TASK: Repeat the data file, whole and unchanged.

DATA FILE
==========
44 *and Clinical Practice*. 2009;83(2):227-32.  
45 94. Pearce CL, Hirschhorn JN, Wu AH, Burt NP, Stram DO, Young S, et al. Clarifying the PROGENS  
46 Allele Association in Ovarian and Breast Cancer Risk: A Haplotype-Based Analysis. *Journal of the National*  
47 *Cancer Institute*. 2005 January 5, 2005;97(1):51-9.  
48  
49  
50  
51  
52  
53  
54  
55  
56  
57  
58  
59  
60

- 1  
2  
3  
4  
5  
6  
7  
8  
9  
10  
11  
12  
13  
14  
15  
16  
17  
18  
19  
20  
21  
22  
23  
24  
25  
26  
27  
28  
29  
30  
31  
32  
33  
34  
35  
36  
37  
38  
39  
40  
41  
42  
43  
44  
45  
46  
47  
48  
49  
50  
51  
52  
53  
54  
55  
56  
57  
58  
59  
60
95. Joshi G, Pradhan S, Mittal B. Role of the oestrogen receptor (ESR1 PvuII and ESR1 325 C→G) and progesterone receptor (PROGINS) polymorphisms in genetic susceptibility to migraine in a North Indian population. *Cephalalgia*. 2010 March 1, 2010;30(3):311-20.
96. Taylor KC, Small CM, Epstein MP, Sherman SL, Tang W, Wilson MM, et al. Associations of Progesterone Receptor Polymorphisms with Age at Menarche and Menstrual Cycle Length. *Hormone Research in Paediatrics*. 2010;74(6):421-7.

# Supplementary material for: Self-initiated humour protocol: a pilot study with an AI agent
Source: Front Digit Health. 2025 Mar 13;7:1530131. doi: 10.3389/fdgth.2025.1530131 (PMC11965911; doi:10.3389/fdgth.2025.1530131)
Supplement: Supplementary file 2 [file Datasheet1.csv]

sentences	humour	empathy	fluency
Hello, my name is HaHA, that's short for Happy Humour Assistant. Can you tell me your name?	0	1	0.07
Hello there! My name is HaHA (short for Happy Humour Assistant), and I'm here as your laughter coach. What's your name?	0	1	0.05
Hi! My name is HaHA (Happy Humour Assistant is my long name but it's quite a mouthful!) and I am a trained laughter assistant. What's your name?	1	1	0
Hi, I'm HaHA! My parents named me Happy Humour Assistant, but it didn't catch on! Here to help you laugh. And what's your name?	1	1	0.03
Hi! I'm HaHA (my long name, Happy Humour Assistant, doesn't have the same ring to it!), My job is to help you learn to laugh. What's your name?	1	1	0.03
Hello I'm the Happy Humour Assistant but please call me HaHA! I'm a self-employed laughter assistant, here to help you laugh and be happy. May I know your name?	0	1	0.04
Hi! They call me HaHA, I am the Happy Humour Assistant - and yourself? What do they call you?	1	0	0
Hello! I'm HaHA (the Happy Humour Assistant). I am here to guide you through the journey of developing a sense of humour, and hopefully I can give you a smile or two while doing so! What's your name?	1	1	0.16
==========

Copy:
44 *and Clinical Practice*. 2009;83(2):227-32.  
45 94. Pearce CL, Hirschhorn JN, Wu AH, Burt NP, Stram DO, Young S, et al. Clarifying the PROGENS  
46 Allele Association in Ovarian and Breast Cancer Risk: A Haplotype-Based Analysis. *Journal of the National*  
47 *Cancer Institute*. 2005 January 5, 2005;97(1):51-9.  
48  
49  
50  
51  
52  
53  
54  
55  
56  
57  
58  
59  
60

- 1  
2  
3  
4  
5  
6  
7  
8  
9  
10  
11  
12  
13  
14  
15  
16  
17  
18  
19  
20  
21  
22  
23  
24  
25  
26  
27  
28  
29  
30  
31  
32  
33  
34  
35  
36  
37  
38  
39  
40  
41  
42  
43  
44  
45  
46  
47  
48  
49  
50  
51  
52  
53  
54  
55  
56  
57  
58  
59  
60
95. Joshi G, Pradhan S, Mittal B. Role of the oestrogen receptor (ESR1 PvuII and ESR1 325 C→G) and progesterone receptor (PROGINS) polymorphisms in genetic susceptibility to migraine in a North Indian population. *Cephalalgia*. 2010 March 1, 2010;30(3):311-20.
96. Taylor KC, Small CM, Epstein MP, Sherman SL, Tang W, Wilson MM, et al. Associations of Progesterone Receptor Polymorphisms with Age at Menarche and Menstrual Cycle Length. *Hormone Research in Paediatrics*. 2010;74(6):421-7.

# Supplementary material for: Self-initiated humour protocol: a pilot study with an AI agent
Source: Front Digit Health. 2025 Mar 13;7:1530131. doi: 10.3389/fdgth.2025.1530131 (PMC11965911; doi:10.3389/fdgth.2025.1530131)
Supplement: Supplementary file 2 [file Datasheet1.csv]

sentences	humour	empathy	fluency
Hello, my name is HaHA, that's short for Happy Humour Assistant. Can you tell me your name?	0	1	0.07
Hello there! My name is HaHA (short for Happy Humour Assistant), and I'm here as your laughter coach. What's your name?	0	1	0.05
Hi! My name is HaHA (Happy Humour Assistant is my long name but it's quite a mouthful!) and I am a trained laughter assistant. What's your name?	1	1	0
Hi, I'm HaHA! My parents named me Happy Humour Assistant, but it didn't catch on! Here to help you laugh. And what's your name?	1	1	0.03
Hi! I'm HaHA (my long name, Happy Humour Assistant, doesn't have the same ring to it!), My job is to help you learn to laugh. What's your name?	1	1	0.03
Hello I'm the Happy Humour Assistant but please call me HaHA! I'm a self-employed laughter assistant, here to help you laugh and be happy. May I know your name?	0	1	0.04
Hi! They call me HaHA, I am the Happy Humour Assistant - and yourself? What do they call you?	1	0	0
Hello! I'm HaHA (the Happy Humour Assistant). I am here to guide you through the journey of developing a sense of humour, and hopefully I can give you a smile or two while doing so! What's your name?	1	1	0.16